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The Toolbox: Creating Committees in Chapter 9, 11 Cases

Thursday, May 2, 2013
Monthly column contributed by Judge D. Michael Lynn, U.S. Bankruptcy Court for the Northern District of Texas

We have talked about committees in the past, but this month I want to talk about creating committees in addition to the official committees appointed in Chapter 9 and 11 cases. When is an additional committee appropriate? What problems are created with another committee? How might those problems be addressed?

Under Chapter 9 or Chapter 11 of the Bankruptcy Code1 the United States Trustee is charged with the duty of forming a committee (or committees in multi-debtor cases) to represent the interests of unsecured creditors.2The United State Trustee may also appoint – or be ordered by the court to appoint – additional committees of creditors or equity owners.3 Generally the trustee will respond to indications of interest by members of the class that seeks to be represented. If the United States trustee is not responsive, resort to the court will be necessary. Because of the problems discussed below, the debtor and (or) the statutorily-mandated unsecured creditors committee may resist the formation of multiple committees.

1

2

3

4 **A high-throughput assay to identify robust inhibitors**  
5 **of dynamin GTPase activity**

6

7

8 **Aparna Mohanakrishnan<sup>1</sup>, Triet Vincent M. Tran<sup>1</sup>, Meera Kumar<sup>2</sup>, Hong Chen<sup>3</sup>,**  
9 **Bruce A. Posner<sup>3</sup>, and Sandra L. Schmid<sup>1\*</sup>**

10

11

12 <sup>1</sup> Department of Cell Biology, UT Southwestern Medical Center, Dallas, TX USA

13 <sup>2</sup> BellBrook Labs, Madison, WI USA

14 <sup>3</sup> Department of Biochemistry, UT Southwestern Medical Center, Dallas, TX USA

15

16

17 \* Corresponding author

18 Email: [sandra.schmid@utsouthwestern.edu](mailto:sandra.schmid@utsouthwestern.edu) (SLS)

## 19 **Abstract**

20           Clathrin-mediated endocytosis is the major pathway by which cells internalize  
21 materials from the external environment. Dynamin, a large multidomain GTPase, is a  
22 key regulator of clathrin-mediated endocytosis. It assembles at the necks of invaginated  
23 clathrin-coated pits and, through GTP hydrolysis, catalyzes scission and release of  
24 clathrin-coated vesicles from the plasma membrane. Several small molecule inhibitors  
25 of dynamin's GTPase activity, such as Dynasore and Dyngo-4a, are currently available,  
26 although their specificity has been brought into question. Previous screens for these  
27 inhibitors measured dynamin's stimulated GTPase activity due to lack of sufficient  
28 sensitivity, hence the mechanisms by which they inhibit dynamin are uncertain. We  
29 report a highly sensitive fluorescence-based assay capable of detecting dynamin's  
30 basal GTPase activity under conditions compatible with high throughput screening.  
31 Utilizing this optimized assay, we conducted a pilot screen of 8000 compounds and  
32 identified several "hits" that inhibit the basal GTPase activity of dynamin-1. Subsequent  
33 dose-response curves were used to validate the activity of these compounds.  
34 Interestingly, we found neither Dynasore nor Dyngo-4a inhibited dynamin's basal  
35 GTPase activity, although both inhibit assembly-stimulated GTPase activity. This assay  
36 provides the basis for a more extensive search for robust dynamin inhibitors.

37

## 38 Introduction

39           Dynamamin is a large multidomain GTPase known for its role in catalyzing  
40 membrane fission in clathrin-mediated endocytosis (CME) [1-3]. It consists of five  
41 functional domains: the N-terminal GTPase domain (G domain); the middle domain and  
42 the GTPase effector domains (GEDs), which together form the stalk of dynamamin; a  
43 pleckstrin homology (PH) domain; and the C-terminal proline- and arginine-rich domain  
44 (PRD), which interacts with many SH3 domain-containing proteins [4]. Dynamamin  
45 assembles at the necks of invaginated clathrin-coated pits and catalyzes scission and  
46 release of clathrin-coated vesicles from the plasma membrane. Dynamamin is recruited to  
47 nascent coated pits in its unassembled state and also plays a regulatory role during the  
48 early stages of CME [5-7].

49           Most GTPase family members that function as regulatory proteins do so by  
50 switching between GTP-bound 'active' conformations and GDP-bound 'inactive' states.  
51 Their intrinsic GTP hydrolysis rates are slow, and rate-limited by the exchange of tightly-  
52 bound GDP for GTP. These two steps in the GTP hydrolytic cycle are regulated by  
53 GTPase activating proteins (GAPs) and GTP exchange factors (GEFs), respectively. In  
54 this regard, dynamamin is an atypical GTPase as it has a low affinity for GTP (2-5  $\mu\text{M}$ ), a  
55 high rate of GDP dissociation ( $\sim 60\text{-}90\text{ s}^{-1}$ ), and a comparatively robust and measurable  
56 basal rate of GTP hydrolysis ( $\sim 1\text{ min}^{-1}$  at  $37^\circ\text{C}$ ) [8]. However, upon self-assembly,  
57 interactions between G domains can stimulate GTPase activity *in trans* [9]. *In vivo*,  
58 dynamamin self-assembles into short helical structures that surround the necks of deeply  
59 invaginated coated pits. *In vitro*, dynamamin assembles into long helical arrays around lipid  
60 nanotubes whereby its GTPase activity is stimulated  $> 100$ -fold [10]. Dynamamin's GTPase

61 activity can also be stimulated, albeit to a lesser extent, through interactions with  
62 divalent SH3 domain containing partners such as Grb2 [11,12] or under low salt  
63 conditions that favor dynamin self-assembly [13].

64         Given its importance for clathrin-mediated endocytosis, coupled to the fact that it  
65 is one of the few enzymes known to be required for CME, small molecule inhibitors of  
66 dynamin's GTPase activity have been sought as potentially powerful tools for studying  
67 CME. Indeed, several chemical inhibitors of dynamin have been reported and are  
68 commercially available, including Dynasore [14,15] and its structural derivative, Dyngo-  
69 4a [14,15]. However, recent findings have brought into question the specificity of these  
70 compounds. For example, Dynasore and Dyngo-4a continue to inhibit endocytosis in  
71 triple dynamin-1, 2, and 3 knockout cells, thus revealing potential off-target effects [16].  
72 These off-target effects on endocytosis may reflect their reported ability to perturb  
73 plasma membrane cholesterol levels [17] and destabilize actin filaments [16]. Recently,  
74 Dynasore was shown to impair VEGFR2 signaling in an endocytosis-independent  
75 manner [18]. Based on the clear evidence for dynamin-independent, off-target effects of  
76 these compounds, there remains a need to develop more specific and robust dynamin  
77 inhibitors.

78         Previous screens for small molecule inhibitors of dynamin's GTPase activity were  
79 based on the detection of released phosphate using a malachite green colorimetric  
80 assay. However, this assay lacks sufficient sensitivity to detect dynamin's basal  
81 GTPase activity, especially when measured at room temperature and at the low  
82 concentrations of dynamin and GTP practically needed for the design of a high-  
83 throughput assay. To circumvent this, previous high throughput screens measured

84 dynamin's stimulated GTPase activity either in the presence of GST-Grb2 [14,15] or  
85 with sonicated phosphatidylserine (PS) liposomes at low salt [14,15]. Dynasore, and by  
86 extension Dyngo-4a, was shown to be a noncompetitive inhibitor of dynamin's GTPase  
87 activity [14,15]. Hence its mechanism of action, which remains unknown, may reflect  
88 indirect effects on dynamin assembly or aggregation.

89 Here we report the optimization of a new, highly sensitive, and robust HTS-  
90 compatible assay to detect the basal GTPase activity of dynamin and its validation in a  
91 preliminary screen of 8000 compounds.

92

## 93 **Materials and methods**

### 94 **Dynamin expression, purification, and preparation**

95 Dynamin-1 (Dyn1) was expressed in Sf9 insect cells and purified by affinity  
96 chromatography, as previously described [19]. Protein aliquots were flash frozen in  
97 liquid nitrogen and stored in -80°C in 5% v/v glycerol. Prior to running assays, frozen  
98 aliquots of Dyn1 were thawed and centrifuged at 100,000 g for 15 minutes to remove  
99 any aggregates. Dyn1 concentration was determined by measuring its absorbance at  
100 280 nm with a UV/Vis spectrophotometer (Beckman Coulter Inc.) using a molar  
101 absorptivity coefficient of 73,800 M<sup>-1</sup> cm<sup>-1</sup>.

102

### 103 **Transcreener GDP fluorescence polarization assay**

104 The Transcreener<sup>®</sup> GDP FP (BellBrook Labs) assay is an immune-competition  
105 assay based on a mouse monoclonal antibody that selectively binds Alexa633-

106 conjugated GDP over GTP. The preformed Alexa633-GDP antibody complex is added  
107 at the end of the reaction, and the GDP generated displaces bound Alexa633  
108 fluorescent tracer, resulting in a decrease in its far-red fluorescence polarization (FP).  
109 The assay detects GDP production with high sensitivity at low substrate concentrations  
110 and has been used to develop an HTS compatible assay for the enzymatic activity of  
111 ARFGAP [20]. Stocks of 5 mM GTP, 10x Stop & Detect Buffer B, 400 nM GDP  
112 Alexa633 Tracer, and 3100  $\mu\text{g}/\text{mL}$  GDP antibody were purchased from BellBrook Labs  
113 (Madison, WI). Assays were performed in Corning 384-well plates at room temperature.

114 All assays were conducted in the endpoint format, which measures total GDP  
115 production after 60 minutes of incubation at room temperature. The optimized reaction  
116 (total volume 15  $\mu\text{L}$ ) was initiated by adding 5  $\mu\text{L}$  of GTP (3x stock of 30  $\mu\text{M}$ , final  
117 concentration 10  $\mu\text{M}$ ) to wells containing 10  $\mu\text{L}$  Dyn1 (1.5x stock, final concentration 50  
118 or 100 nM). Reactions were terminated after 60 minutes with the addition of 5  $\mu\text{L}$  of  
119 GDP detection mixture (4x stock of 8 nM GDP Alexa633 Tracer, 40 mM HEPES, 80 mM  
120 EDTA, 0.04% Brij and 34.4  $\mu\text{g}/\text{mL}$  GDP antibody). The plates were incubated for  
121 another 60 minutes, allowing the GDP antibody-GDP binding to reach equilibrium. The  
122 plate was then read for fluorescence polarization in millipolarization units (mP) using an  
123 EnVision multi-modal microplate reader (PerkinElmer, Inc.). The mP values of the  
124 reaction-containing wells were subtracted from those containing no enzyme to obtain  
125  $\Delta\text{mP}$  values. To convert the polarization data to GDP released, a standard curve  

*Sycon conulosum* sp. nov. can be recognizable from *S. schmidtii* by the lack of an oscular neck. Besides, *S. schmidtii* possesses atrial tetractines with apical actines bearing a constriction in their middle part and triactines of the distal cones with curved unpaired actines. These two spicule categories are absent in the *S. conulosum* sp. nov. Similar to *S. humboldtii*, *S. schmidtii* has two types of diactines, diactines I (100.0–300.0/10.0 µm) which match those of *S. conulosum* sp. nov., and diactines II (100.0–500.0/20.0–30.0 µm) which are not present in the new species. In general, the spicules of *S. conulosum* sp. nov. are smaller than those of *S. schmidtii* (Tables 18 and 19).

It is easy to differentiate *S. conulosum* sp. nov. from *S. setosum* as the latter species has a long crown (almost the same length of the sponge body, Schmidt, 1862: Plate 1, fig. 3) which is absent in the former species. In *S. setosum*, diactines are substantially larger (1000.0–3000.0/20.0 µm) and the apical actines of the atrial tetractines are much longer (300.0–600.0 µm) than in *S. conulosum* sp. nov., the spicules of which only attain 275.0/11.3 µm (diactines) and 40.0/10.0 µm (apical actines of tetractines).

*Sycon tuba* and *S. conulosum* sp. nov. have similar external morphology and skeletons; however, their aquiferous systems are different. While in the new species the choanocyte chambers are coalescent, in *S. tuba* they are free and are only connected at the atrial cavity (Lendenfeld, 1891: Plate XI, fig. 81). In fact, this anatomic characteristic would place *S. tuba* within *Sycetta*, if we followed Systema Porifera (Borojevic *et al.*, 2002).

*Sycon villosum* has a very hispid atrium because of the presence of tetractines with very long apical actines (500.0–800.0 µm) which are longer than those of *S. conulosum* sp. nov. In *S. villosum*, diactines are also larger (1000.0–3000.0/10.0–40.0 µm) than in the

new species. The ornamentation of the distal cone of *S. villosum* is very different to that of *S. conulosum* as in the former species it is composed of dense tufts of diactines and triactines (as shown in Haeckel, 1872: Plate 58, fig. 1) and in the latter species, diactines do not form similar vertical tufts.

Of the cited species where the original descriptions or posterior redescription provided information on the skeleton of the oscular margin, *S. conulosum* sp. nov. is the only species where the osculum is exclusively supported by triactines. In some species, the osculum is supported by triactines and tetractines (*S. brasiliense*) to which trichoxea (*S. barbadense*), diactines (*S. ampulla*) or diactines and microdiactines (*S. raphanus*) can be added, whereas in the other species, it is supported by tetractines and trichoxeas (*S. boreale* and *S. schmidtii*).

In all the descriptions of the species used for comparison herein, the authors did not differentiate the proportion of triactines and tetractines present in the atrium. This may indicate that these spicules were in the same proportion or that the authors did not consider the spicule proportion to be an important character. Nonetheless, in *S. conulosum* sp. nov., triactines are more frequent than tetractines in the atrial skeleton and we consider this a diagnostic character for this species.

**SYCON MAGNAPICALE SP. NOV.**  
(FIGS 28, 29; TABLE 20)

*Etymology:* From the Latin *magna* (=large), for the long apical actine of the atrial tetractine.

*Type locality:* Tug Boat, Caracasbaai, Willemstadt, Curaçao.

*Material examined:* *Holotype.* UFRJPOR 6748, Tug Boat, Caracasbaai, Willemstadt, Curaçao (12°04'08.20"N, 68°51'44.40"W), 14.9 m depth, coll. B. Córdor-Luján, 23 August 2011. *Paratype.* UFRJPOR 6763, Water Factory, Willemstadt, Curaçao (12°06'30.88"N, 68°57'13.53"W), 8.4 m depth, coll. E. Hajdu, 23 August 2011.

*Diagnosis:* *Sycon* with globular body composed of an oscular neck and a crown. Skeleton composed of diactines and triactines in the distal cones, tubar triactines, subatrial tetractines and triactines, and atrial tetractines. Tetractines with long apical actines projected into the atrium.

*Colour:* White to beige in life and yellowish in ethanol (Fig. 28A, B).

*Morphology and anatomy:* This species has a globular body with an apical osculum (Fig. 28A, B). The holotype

Who, then, might seek an independent committee to represent their interests? Leaving equity owners aside for the moment, creditor groups that might feel a need to have their own representatives come in two categories. First, the debtor may have a constituency of creditors whose interests are antithetical – or at least not the same as – those of the creditors acting on the originally appointed committee. Tort victims, bond holders, and trade creditors – among others – all have their own agendas. Tort victims may be interested in insurance or alternative dispute resolution programs. Bond holders may see liquidation or a quick sale as the central thrust of a proceeding, whereas trade creditors may be interested in keeping a customer alive. If these agendas are not in serious conflict, the solution to a lack of representation may be to add new members to an existing committee.4If, however, the creditor groups are in too strenuous opposition, adding members of different constituencies may simply make a committee unworkable.